Administrators will also make other suggestions for revisions. While you are not required to submit these other revisions prior to the Committee meeting, it has been the IRB’s experience that Committee members generally incorporate administrator suggestions into their own review by including these suggestions in the pending conditions for study approval. For this reason, we recommend responding to pre-review comments prior to the IRB meeting in order to reduce the time necessary for review and approval of your study.

If, at the meeting, the Committee feels that further information or documentation is needed before approval can be granted, the protocol will be given “deferred” or “pending-conditional” status.  The Principal Investigator will receive a letter detailing the outstanding issues after the meeting, usually within the following one to two weeks. If a protocol is deferred, it must be reviewed again at a scheduled meeting. Additional information may still be required after the second meeting, and a second deferral or a pending-conditional letter may be sent. Pending-conditional studies can be approved without returning to a meeting once all pending issues have been appropriately addressed, although the Committee may review a pending-conditional response at another meeting at its discretion. 

Generally, non-expeditable studies require at least one month from day of submission to approval. Two months is the average timespan from submission to approval. If a study is deferred, or pending comments are not adequately addressed, approval can take several months or more. Studies that can be expedited generally require about 2-3 weeks.


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I submitted a protocol for expedited review. Why haven’t I received an approval letter yet?
Deadlines are the same for full review and expedited protocols. If you have submitted a protocol for expedited review, be advised that it may not be reviewed until after the next deadline date, regardless of the day it was submitted. During a pre-review, the IRB administrators and IRB reviewer will determine if they believe your study can be expedited. Many studies are not granted expedited review even when it is requested. The IRB, not the investigator, has the final decision on whether a study can be expedited.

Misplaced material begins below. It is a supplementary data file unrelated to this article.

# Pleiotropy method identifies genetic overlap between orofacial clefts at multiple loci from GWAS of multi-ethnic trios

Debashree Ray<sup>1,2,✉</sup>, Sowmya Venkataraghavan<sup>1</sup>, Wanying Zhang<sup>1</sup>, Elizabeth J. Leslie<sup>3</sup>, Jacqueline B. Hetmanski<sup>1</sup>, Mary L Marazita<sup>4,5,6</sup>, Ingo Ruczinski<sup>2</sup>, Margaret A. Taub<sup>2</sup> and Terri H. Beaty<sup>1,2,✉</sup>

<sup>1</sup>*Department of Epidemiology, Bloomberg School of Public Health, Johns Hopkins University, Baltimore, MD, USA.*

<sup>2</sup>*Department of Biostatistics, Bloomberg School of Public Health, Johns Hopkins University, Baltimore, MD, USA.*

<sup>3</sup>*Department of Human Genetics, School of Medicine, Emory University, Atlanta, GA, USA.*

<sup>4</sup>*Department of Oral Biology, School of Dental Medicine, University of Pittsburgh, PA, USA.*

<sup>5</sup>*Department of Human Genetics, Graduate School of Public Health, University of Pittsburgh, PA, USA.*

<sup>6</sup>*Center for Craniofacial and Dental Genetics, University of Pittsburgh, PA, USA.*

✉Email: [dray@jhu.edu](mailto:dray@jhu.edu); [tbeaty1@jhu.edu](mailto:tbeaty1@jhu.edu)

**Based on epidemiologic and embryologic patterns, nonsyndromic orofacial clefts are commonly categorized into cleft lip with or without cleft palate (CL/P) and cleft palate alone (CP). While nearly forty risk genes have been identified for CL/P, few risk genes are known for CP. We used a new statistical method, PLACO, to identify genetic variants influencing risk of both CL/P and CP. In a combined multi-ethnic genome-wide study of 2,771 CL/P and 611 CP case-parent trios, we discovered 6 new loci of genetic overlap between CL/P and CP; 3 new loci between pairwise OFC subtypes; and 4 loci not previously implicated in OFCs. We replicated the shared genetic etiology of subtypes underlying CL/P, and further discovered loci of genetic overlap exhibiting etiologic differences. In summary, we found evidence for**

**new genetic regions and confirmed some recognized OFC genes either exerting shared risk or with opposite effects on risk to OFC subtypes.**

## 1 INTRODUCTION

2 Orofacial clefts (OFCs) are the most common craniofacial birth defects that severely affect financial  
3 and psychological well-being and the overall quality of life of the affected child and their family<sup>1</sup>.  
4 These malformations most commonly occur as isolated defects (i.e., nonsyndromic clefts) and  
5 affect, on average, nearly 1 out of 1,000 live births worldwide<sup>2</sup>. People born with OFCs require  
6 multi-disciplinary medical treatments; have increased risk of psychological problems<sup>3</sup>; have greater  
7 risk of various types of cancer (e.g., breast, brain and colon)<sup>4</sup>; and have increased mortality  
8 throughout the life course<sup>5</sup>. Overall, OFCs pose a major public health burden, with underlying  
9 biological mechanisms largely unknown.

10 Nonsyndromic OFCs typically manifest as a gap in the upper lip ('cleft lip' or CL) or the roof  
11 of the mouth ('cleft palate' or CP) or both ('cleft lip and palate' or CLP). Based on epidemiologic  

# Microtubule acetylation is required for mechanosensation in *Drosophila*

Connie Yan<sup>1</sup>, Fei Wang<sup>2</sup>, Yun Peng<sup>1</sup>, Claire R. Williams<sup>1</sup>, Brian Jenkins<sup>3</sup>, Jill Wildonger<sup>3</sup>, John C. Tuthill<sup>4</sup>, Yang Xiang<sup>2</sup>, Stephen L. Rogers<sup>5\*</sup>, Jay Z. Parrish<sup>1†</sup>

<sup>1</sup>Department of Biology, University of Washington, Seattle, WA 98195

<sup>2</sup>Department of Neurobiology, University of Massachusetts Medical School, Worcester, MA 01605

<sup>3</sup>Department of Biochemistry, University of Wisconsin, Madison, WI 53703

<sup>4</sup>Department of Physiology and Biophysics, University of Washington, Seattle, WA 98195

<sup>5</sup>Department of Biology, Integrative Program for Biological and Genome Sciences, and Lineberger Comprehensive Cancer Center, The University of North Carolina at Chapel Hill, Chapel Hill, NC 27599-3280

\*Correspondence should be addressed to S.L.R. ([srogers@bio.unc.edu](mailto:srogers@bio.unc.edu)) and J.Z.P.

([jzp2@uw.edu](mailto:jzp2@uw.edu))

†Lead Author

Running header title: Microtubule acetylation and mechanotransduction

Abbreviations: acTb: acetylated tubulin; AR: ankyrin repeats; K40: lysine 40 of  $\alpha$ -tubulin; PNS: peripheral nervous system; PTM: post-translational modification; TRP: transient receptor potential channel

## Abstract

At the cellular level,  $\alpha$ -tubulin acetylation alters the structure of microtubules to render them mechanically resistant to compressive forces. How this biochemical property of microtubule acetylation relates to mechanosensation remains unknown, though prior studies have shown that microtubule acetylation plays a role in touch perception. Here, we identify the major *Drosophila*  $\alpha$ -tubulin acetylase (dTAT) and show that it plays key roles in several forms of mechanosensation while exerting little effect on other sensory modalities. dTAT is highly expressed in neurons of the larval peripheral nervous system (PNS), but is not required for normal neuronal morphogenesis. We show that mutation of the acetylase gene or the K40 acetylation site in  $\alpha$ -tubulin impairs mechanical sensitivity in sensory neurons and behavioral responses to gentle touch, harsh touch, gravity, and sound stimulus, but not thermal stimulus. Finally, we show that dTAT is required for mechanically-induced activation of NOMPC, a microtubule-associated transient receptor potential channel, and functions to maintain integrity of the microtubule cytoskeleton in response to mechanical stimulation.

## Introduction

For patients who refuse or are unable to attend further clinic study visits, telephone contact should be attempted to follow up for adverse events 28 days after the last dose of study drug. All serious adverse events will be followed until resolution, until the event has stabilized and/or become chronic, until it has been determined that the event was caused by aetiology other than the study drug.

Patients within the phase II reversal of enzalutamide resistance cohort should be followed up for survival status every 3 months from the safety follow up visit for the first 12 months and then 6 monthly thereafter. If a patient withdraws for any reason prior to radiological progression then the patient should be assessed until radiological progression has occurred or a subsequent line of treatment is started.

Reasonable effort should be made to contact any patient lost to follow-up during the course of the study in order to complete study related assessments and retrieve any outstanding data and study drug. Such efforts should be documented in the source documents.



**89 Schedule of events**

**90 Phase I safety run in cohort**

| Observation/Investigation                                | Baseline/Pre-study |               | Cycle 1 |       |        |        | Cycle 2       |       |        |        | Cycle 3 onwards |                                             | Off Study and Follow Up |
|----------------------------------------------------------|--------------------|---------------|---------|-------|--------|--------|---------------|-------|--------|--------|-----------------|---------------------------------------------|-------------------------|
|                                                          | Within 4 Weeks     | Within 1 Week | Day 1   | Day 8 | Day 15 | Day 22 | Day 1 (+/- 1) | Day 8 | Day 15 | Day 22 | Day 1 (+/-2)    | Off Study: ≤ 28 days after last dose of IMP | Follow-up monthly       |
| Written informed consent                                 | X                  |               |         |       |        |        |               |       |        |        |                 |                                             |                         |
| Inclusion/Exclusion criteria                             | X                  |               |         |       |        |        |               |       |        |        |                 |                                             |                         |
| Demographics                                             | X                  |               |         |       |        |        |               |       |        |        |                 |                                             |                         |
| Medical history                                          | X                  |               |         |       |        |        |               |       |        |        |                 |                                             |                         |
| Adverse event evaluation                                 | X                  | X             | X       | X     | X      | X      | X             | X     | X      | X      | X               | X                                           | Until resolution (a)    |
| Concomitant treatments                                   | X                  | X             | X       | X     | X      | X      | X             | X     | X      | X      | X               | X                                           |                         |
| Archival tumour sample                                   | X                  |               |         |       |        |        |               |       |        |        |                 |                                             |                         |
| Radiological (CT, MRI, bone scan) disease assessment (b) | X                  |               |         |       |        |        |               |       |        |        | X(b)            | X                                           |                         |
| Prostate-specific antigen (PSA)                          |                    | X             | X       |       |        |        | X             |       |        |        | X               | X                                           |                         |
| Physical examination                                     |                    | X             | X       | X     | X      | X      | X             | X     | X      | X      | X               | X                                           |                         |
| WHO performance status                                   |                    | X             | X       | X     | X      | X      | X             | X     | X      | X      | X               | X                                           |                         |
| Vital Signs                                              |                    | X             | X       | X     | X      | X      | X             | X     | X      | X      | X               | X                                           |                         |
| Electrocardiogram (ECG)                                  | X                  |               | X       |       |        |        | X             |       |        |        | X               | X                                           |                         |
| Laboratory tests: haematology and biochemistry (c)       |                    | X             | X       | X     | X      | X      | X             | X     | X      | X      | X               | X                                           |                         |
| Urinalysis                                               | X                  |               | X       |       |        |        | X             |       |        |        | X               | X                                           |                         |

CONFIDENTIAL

In addition, expedited review is determined not by a need for quick approval but rather by the minimal level of risk. Only studies of minimal risk falling into one of the federally-defined, IRB-approved categories are eligible to be expedited. 

The following may be a reason why you have not received approval:

* the deadline has not yet passed. Your submission has not yet been reviewed.

* your study is not eligible for expedited review. The IRB staff will notify you at the time of pre-review if this is the case.

* the IRB staff or chair has requested further information, which has not yet been received. Check with other members of the study team to see if they are working on a response.

The IRB staff makes every effort to expedite qualifying protocols as quickly as possible. However, due to the large volume of protocols, we are not always able to immediately process expedites. If you submit a study you believe qualifies for expedited review, and you do not hear anything after two weeks, please contact one of the IRB administrators to check on the status of your protocol.

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My protocol is not funded by a grant or contract, but there is no option for “Not Applicable” under “Funding” on the protocol submission form. How do I indicate “N/A”?
Protocols without an external funding source are considered to be “internally funded.” While internal funds may consist of a departmental award or private funding, the term “internally funded” also refers to the University’s compensation for the researcher’s time spent performing the research. Since salaries are paid by the University, any time spent on research that does not have an external funding source is paid for by the University. Therefore, for studies without any external funding, investigators should check “internal funding” on the submission form. 


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My protocol is funded by a grant at another institution. What do I check on the submission form under “Funding”? What documentation should I submit to the IRB?